I owe my university degree to Derren Brown. He did nothing elaborate: no hypnotism, no cold reading, no baroque system of horse racing bets. It’s just that one of his books contains a very good explanation of the 2,500-year-old memory technique which let me remember the exact year in which Thomas Kyd’s The Spanish Tragedy, or The Spanish Tragedie: or, Hieronimo is Mad Againe was first printed (1592 – duh).
The long torment of the gingers is over. People of reddish hair are finally to be represented, alongside all the other peoples of the world, in the library of emoji. They are among 157 new pictograms soon to appear on your smartphone, along with superheroes, llamas, magnets and fire extinguishers. All human life, clearly, is here. Since their launch in 1999, emoji – cute pictograms that add emotional nuance to emails, texts and chats – have become something of a universal language.
Have you ever heard the one about the YouTube star and the suicide victim? It’s a cautionary tale worthy of Hillaire Belloc. “There was a child named Logan Paul,” the Anglo-French poet might have written, “who wasn’t very smart at all. He came up with a ghoulish plan / to ogle corpses in Japan.”So we would read how this boisterous haired youth went to Aokigahara, a forest on the slopes of Mount Fuji which is sadly famous for the number of people who commit suicide there.
Muck Rack makes it simple to find people, tweets, or articles that mention any name, keyword, company, hashtag etc. We've compiled this guide to help you make the most of your search.
Selecting a term
Start searching tweets, articles from media outlets, articles mentioned in tweets, journalists'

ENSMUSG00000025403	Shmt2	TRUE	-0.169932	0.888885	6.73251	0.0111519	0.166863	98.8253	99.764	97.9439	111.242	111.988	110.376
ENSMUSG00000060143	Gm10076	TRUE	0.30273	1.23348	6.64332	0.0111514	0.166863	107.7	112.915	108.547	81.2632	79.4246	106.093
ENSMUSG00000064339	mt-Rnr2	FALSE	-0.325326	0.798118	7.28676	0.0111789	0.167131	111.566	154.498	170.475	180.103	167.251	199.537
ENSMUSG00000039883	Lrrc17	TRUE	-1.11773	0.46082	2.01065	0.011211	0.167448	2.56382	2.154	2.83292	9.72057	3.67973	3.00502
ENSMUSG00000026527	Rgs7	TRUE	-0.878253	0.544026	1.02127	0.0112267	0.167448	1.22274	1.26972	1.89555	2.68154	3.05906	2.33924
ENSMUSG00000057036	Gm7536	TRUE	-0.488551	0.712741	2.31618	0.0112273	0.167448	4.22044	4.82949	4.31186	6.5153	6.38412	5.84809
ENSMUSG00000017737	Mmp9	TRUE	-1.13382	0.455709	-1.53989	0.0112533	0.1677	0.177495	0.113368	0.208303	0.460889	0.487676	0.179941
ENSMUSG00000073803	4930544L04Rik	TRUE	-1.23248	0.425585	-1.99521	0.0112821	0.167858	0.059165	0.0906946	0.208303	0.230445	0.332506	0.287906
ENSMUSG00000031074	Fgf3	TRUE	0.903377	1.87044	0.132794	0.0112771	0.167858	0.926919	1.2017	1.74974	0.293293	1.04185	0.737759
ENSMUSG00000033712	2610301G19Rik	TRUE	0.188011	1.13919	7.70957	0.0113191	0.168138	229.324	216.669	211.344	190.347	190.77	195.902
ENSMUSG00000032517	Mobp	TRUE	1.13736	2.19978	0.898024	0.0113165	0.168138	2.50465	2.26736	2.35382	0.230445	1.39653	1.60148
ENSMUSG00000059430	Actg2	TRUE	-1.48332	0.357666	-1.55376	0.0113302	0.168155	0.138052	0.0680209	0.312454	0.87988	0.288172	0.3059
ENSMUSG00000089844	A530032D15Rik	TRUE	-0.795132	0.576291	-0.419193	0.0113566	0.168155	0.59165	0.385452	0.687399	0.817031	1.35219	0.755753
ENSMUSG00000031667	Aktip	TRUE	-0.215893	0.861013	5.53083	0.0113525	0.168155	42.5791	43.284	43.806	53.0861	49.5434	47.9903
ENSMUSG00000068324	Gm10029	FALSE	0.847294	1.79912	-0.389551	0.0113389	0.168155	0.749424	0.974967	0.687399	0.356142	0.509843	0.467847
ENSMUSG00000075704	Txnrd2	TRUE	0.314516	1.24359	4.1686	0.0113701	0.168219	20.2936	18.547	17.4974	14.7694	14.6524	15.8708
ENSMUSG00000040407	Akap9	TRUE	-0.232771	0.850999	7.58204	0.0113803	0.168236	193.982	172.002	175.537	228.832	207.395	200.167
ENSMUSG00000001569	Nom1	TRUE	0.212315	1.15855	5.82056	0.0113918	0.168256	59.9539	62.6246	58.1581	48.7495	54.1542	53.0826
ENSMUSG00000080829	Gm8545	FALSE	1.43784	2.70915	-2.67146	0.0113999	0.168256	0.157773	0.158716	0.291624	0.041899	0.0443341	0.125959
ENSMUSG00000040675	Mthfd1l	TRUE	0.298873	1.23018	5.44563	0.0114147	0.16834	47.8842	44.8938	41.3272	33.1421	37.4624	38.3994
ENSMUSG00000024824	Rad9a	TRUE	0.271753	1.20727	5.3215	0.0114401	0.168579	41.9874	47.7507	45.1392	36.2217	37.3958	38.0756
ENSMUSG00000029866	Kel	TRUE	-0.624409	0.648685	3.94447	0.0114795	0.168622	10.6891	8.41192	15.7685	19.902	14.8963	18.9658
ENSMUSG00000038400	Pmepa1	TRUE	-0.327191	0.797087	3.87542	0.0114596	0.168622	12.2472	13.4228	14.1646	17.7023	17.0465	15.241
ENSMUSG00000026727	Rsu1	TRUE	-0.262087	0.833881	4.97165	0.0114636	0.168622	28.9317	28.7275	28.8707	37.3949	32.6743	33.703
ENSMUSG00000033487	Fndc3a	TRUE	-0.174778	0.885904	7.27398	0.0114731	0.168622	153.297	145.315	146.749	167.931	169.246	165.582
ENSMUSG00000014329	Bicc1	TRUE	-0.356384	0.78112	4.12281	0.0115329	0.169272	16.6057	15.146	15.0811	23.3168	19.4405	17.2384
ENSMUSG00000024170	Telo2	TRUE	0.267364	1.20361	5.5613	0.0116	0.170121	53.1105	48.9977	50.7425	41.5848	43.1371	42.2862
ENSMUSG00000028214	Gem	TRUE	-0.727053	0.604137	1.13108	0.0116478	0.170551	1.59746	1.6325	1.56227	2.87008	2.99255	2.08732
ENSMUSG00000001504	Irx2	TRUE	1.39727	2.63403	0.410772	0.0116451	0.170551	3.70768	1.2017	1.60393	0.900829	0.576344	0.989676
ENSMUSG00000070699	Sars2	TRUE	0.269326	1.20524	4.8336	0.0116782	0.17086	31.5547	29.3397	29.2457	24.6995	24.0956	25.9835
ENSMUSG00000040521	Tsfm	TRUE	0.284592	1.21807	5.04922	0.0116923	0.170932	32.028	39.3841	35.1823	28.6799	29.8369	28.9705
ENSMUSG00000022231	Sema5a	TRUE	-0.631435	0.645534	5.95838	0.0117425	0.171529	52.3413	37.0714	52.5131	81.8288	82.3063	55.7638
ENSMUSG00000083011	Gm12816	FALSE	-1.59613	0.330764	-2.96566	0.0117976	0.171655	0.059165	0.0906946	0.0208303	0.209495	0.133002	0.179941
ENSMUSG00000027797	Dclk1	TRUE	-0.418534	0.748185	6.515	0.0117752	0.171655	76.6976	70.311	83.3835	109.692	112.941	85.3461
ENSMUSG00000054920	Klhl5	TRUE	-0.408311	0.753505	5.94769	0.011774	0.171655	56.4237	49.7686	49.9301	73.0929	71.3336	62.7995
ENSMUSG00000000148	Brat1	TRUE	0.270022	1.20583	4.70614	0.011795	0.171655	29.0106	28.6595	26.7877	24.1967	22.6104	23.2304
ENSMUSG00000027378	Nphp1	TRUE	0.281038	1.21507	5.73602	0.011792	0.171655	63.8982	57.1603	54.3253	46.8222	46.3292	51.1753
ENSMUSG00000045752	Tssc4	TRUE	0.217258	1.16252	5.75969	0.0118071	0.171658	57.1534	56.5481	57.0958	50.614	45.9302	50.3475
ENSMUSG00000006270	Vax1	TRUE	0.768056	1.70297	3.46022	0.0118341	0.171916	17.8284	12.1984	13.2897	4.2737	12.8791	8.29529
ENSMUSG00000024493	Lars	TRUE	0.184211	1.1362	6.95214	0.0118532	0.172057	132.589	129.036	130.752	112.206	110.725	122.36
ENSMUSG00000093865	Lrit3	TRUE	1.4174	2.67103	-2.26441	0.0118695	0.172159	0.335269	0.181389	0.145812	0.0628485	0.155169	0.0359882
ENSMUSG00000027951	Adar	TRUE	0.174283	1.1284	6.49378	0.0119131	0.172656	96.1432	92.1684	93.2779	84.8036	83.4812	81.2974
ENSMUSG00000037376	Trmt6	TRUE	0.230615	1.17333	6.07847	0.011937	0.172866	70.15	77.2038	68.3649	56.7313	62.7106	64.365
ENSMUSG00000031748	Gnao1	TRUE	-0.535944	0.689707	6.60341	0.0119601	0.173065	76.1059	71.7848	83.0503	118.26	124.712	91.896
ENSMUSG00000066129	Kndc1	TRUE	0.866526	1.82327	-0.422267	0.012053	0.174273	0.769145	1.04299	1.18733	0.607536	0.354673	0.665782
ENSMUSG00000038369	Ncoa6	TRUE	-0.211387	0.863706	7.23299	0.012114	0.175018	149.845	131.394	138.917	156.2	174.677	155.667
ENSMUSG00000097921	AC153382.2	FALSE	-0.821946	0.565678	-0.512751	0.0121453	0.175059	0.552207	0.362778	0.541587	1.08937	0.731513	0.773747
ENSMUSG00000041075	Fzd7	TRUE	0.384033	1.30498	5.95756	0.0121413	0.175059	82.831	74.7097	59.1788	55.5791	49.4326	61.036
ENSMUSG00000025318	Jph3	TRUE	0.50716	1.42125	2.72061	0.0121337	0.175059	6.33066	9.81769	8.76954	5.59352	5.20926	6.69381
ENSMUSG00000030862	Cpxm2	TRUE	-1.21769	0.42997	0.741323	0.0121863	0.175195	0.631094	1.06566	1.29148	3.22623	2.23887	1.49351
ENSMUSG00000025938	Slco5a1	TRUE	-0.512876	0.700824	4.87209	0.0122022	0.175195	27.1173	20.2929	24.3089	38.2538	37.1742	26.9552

names, titles and bios with some suggested searches:
Companies or Topics (e.g. iPhone, Microsoft)
Phrases (e.g. "cloud computing") — use quotes to keep the terms together
Twitter handles (e.g. @username) — returns those who have mentioned or replied to
Names (e.g. "David Pogue")
Hashtags (e.g. #sxsw, #london2012)
Bio details (e.g. vegan, Olympics, father)
Muck Rack's Advanced Search allows for many boolean operators.
Find results that mention multiple specified terms, use AND or
+. For example, ensure each result contains both Elon Musk and Mark Zuckerberg by
searching Musk AND Zuckerberg or Musk + Zuckerberg.
Use the operators OR or , to broaden your search when you'd like either of
multiple terms to appear in results. (This is the default behavior of our search when no operators
are used). For example, results will contain either cake or cookie by searching cake OR cookie or cake,cookie
Use NOT or - to subtract results from your search. For
example, searching Disney will yield results about the Walt Disney Company as well as Walt Disney
World Resort. To exclude mentions of Disney World, search for Disney -World or Disney
When using one of these operators with a phrase, enclose it in quotation marks. For example, you can
find results about smartphones excluding Apple's iPhone 4S by searching smartphone -"iPhone
Exact case matching or punctuation
If you're searching for a brand name or keyword that relies on specific punctuation marks or capitalization, you can
find results that match your exact query by adding matchcase: before the keyword you're searching for, like matchcase:E*TRADE .
Use parentheses to separate multiple
boolean phrases. For example, to find journalists talking about having fun in Disney World or
Disneyland, search for ("disney world" OR disneyland) AND fun.
An asterisk can be used to search for any variation of a root word truncated by the asterisk. For example, searching for admin* will return results for administrator, administration, administer, administered, etc.
A near operator is an AND operator where you can control the distance between the words. You can vary the distance the near operation uses by adding a forward slash and number (between 0-99) such as strawberries NEAR/10 "whipped cream", which means the strawberries must exist within 10 words of "whipped cream".